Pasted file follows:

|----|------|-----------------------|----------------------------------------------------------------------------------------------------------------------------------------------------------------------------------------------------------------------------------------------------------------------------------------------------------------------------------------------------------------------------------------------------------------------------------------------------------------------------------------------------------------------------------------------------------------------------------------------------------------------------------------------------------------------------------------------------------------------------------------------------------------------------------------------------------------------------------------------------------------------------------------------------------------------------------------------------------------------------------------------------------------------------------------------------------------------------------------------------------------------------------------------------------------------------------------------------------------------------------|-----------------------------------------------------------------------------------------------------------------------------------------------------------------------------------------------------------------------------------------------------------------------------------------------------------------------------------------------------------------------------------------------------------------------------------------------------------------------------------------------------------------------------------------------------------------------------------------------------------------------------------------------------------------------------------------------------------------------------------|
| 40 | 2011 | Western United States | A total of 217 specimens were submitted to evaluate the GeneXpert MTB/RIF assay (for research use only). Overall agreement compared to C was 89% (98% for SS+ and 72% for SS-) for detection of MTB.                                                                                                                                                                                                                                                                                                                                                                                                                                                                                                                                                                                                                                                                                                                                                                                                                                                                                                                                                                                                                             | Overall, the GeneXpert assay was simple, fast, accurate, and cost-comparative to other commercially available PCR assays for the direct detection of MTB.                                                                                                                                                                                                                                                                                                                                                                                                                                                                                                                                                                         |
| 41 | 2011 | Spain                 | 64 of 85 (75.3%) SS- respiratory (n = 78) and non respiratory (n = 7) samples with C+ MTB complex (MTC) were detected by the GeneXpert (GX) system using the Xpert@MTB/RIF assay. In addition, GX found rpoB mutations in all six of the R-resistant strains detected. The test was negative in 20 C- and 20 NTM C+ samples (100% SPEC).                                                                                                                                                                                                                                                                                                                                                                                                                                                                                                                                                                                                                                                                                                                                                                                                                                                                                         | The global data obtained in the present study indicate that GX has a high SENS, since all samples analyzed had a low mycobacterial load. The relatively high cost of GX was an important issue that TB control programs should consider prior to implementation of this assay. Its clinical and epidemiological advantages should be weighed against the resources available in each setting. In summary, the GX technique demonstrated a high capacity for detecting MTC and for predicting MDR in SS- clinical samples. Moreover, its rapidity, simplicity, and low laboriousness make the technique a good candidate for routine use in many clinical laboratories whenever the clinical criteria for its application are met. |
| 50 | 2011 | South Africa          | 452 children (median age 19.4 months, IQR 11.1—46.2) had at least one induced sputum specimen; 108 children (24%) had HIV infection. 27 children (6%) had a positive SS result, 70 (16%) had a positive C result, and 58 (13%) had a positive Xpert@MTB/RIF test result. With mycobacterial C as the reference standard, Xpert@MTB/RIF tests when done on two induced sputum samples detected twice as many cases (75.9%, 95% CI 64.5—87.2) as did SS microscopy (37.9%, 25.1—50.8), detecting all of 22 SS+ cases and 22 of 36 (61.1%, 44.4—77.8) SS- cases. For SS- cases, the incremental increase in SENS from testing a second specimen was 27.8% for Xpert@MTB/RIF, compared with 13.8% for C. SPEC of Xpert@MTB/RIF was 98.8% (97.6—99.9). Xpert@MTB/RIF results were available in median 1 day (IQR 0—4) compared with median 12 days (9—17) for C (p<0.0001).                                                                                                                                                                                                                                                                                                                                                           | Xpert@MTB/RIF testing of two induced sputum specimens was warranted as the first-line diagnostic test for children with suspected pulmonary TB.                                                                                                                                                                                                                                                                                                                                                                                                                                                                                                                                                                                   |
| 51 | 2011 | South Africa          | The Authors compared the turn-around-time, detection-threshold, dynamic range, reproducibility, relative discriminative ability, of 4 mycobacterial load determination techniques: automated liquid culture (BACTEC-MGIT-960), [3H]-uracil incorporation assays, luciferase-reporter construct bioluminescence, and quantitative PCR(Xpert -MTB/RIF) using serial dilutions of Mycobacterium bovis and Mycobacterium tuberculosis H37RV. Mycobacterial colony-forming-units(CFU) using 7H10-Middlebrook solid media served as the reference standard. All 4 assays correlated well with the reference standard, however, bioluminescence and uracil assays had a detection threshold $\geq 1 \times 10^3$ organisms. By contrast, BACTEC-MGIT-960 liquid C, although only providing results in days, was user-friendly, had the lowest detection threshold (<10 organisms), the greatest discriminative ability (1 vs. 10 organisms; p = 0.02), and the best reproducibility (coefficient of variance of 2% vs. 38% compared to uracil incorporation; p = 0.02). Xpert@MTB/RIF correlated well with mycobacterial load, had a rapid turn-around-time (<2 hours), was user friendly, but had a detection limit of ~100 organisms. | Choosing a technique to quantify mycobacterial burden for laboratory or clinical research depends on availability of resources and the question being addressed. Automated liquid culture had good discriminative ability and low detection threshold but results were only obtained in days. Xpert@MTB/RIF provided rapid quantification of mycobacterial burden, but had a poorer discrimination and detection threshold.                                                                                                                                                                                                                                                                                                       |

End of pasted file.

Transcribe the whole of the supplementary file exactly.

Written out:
|----|------|-----------------------|----------------------------------------------------------------------------------------------------------------------------------------------------------------------------------------------------------------------------------------------------------------------------------------------------------------------------------------------------------------------------------------------------------------------------------------------------------------------------------------------------------------------------------------------------------------------------------------------------------------------------------------------------------------------------------------------------------------------------------------------------------------------------------------------------------------------------------------------------------------------------------------------------------------------------------------------------------------------------------------------------------------------------------------------------------------------------------------------------------------------------------------------------------------------------------------------------------------------------------|-----------------------------------------------------------------------------------------------------------------------------------------------------------------------------------------------------------------------------------------------------------------------------------------------------------------------------------------------------------------------------------------------------------------------------------------------------------------------------------------------------------------------------------------------------------------------------------------------------------------------------------------------------------------------------------------------------------------------------------|
| 40 | 2011 | Western United States | A total of 217 specimens were submitted to evaluate the GeneXpert MTB/RIF assay (for research use only). Overall agreement compared to C was 89% (98% for SS+ and 72% for SS-) for detection of MTB.                                                                                                                                                                                                                                                                                                                                                                                                                                                                                                                                                                                                                                                                                                                                                                                                                                                                                                                                                                                                                             | Overall, the GeneXpert assay was simple, fast, accurate, and cost-comparative to other commercially available PCR assays for the direct detection of MTB.                                                                                                                                                                                                                                                                                                                                                                                                                                                                                                                                                                         |
| 41 | 2011 | Spain                 | 64 of 85 (75.3%) SS- respiratory (n = 78) and non respiratory (n = 7) samples with C+ MTB complex (MTC) were detected by the GeneXpert (GX) system using the Xpert@MTB/RIF assay. In addition, GX found rpoB mutations in all six of the R-resistant strains detected. The test was negative in 20 C- and 20 NTM C+ samples (100% SPEC).                                                                                                                                                                                                                                                                                                                                                                                                                                                                                                                                                                                                                                                                                                                                                                                                                                                                                         | The global data obtained in the present study indicate that GX has a high SENS, since all samples analyzed had a low mycobacterial load. The relatively high cost of GX was an important issue that TB control programs should consider prior to implementation of this assay. Its clinical and epidemiological advantages should be weighed against the resources available in each setting. In summary, the GX technique demonstrated a high capacity for detecting MTC and for predicting MDR in SS- clinical samples. Moreover, its rapidity, simplicity, and low laboriousness make the technique a good candidate for routine use in many clinical laboratories whenever the clinical criteria for its application are met. |
| 50 | 2011 | South Africa          | 452 children (median age 19.4 months, IQR 11.1—46.2) had at least one induced sputum specimen; 108 children (24%) had HIV infection. 27 children (6%) had a positive SS result, 70 (16%) had a positive C result, and 58 (13%) had a positive Xpert@MTB/RIF test result. With mycobacterial C as the reference standard, Xpert@MTB/RIF tests when done on two induced sputum samples detected twice as many cases (75.9%, 95% CI 64.5—87.2) as did SS microscopy (37.9%, 25.1—50.8), detecting all of 22 SS+ cases and 22 of 36 (61.1%, 44.4—77.8) SS- cases. For SS- cases, the incremental increase in SENS from testing a second specimen was 27.8% for Xpert@MTB/RIF, compared with 13.8% for C. SPEC of Xpert@MTB/RIF was 98.8% (97.6—99.9). Xpert@MTB/RIF results were available in median 1 day (IQR 0—4) compared with median 12 days (9—17) for C (p<0.0001).                                                                                                                                                                                                                                                                                                                                                           | Xpert@MTB/RIF testing of two induced sputum specimens was warranted as the first-line diagnostic test for children with suspected pulmonary TB.                                                                                                                                                                                                                                                                                                                                                                                                                                                                                                                                                                                   |
| 51 | 2011 | South Africa          | The Authors compared the turn-around-time, detection-threshold, dynamic range, reproducibility, relative discriminative ability, of 4 mycobacterial load determination techniques: automated liquid culture (BACTEC-MGIT-960), [3H]-uracil incorporation assays, luciferase-reporter construct bioluminescence, and quantitative PCR(Xpert -MTB/RIF) using serial dilutions of Mycobacterium bovis and Mycobacterium tuberculosis H37RV. Mycobacterial colony-forming-units(CFU) using 7H10-Middlebrook solid media served as the reference standard. All 4 assays correlated well with the reference standard, however, bioluminescence and uracil assays had a detection threshold $\geq 1 \times 10^3$ organisms. By contrast, BACTEC-MGIT-960 liquid C, although only providing results in days, was user-friendly, had the lowest detection threshold (<10 organisms), the greatest discriminative ability (1 vs. 10 organisms; p = 0.02), and the best reproducibility (coefficient of variance of 2% vs. 38% compared to uracil incorporation; p = 0.02). Xpert@MTB/RIF correlated well with mycobacterial load, had a rapid turn-around-time (<2 hours), was user friendly, but had a detection limit of ~100 organisms. | Choosing a technique to quantify mycobacterial burden for laboratory or clinical research depends on availability of resources and the question being addressed. Automated liquid culture had good discriminative ability and low detection threshold but results were only obtained in days. Xpert@MTB/RIF provided rapid quantification of mycobacterial burden, but had a poorer discrimination and detection threshold.                                                                                                                                                                                                                                                                                                       |